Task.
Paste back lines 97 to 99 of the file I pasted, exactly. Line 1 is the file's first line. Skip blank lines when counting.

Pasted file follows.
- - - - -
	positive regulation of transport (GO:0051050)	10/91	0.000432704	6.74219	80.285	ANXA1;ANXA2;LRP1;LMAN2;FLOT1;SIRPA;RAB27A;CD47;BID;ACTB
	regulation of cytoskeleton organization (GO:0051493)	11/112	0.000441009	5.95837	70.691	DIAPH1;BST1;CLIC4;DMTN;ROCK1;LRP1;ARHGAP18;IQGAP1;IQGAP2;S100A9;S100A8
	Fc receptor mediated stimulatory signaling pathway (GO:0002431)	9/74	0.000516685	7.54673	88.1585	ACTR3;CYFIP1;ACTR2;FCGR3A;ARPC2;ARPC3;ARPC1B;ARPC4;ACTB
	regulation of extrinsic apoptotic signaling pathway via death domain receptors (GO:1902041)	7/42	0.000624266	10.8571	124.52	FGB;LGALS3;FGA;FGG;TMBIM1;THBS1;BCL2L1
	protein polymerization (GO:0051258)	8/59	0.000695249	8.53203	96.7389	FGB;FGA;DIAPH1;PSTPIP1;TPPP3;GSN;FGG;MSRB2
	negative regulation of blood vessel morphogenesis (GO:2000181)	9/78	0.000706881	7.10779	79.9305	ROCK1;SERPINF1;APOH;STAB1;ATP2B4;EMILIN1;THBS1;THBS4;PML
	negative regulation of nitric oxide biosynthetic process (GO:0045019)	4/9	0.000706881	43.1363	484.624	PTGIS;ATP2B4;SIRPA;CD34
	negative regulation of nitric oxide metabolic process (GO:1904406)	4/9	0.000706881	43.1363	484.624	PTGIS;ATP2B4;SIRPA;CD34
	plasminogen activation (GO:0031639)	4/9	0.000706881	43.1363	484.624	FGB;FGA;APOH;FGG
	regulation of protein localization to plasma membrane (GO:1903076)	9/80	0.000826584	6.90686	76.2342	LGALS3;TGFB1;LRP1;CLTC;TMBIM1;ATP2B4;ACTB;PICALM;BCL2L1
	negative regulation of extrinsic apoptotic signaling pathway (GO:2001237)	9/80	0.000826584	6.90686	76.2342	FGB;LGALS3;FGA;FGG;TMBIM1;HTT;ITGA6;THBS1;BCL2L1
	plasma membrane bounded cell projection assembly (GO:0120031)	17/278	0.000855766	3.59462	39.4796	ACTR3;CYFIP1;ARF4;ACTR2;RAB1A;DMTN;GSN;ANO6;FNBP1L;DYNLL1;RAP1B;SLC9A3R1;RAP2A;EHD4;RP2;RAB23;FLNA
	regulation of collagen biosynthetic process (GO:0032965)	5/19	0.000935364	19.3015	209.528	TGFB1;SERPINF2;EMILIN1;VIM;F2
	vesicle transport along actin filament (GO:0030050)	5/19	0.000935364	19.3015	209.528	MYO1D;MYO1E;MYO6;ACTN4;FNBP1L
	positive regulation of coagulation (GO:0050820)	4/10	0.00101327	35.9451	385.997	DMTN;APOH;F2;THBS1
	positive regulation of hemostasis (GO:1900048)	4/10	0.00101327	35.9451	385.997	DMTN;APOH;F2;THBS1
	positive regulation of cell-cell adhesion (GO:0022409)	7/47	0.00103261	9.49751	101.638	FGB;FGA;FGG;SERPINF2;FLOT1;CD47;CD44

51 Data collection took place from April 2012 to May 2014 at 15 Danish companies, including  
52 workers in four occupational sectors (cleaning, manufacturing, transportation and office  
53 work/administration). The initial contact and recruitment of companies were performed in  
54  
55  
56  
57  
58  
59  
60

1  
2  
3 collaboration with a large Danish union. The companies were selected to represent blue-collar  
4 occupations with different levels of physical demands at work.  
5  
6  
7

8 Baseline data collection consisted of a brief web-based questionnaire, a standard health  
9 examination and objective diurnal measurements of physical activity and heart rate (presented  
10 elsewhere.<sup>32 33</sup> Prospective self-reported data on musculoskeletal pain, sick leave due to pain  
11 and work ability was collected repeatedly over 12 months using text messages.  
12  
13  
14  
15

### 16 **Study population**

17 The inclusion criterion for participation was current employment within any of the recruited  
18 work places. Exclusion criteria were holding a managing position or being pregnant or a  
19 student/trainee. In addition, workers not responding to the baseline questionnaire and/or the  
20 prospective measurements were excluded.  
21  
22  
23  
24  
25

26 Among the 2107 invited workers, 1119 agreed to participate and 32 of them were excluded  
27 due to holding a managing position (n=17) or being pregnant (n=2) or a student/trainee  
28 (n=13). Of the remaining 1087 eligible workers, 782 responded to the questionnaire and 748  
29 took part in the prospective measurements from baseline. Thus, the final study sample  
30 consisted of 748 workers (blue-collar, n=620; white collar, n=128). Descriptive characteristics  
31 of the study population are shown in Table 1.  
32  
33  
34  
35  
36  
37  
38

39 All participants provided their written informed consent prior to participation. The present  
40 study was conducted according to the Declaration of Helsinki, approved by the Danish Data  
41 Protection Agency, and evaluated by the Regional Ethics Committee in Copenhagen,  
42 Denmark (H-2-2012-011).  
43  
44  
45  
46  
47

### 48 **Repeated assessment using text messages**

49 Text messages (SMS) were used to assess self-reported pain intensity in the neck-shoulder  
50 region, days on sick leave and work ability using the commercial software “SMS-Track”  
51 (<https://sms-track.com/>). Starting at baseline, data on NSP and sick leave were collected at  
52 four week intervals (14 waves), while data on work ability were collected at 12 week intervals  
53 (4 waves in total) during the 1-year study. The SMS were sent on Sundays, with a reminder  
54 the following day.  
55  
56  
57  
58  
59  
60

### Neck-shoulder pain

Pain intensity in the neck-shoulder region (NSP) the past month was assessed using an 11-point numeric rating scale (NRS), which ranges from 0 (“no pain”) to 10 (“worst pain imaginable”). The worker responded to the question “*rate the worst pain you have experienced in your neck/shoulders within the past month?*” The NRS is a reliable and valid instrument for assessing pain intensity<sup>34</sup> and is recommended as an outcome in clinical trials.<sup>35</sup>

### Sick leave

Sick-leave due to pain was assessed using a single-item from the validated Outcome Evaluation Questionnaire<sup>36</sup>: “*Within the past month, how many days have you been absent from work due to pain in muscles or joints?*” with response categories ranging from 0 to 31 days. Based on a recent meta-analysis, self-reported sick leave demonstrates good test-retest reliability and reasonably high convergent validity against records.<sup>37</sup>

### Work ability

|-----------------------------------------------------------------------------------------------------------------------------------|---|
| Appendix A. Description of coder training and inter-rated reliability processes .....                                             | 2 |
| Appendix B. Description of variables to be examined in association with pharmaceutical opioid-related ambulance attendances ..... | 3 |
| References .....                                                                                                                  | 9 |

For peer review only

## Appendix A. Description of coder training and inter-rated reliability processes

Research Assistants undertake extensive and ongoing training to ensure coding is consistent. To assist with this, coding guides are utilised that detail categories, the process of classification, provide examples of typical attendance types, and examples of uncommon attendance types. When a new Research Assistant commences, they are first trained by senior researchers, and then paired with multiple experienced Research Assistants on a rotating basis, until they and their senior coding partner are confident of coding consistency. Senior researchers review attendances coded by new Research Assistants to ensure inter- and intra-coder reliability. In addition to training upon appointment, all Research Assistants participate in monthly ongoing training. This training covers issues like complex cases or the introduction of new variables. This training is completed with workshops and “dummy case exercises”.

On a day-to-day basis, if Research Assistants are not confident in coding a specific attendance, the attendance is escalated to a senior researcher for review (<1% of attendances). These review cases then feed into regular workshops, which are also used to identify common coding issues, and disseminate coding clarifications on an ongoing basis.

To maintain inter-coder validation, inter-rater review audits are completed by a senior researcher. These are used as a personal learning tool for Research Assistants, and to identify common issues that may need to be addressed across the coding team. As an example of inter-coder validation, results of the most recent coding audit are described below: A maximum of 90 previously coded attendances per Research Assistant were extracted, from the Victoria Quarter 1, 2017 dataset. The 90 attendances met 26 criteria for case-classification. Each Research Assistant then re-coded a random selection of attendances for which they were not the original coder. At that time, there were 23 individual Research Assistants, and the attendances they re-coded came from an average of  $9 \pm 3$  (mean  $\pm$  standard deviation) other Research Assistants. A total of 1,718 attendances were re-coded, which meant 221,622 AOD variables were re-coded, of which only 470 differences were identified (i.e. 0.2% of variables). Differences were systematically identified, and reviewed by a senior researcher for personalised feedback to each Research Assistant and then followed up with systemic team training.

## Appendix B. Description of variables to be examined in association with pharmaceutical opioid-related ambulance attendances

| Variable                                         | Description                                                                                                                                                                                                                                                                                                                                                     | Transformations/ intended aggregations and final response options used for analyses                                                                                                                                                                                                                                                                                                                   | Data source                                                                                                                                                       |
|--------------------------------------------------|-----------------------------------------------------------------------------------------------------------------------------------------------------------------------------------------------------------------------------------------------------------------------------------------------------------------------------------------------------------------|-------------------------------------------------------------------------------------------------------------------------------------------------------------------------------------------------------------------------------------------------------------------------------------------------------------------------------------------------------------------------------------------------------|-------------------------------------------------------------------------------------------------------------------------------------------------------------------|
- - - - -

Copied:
For peer review only

## Appendix A. Description of coder training and inter-rated reliability processes

Research Assistants undertake extensive and ongoing training to ensure coding is consistent. To assist with this, coding guides are utilised that detail categories, the process of classification, provide examples of typical attendance types, and examples of uncommon attendance types. When a new Research Assistant commences, they are first trained by senior researchers, and then paired with multiple experienced Research Assistants on a rotating basis, until they and their senior coding partner are confident of coding consistency. Senior researchers review attendances coded by new Research Assistants to ensure inter- and intra-coder reliability. In addition to training upon appointment, all Research Assistants participate in monthly ongoing training. This training covers issues like complex cases or the introduction of new variables. This training is completed with workshops and “dummy case exercises”.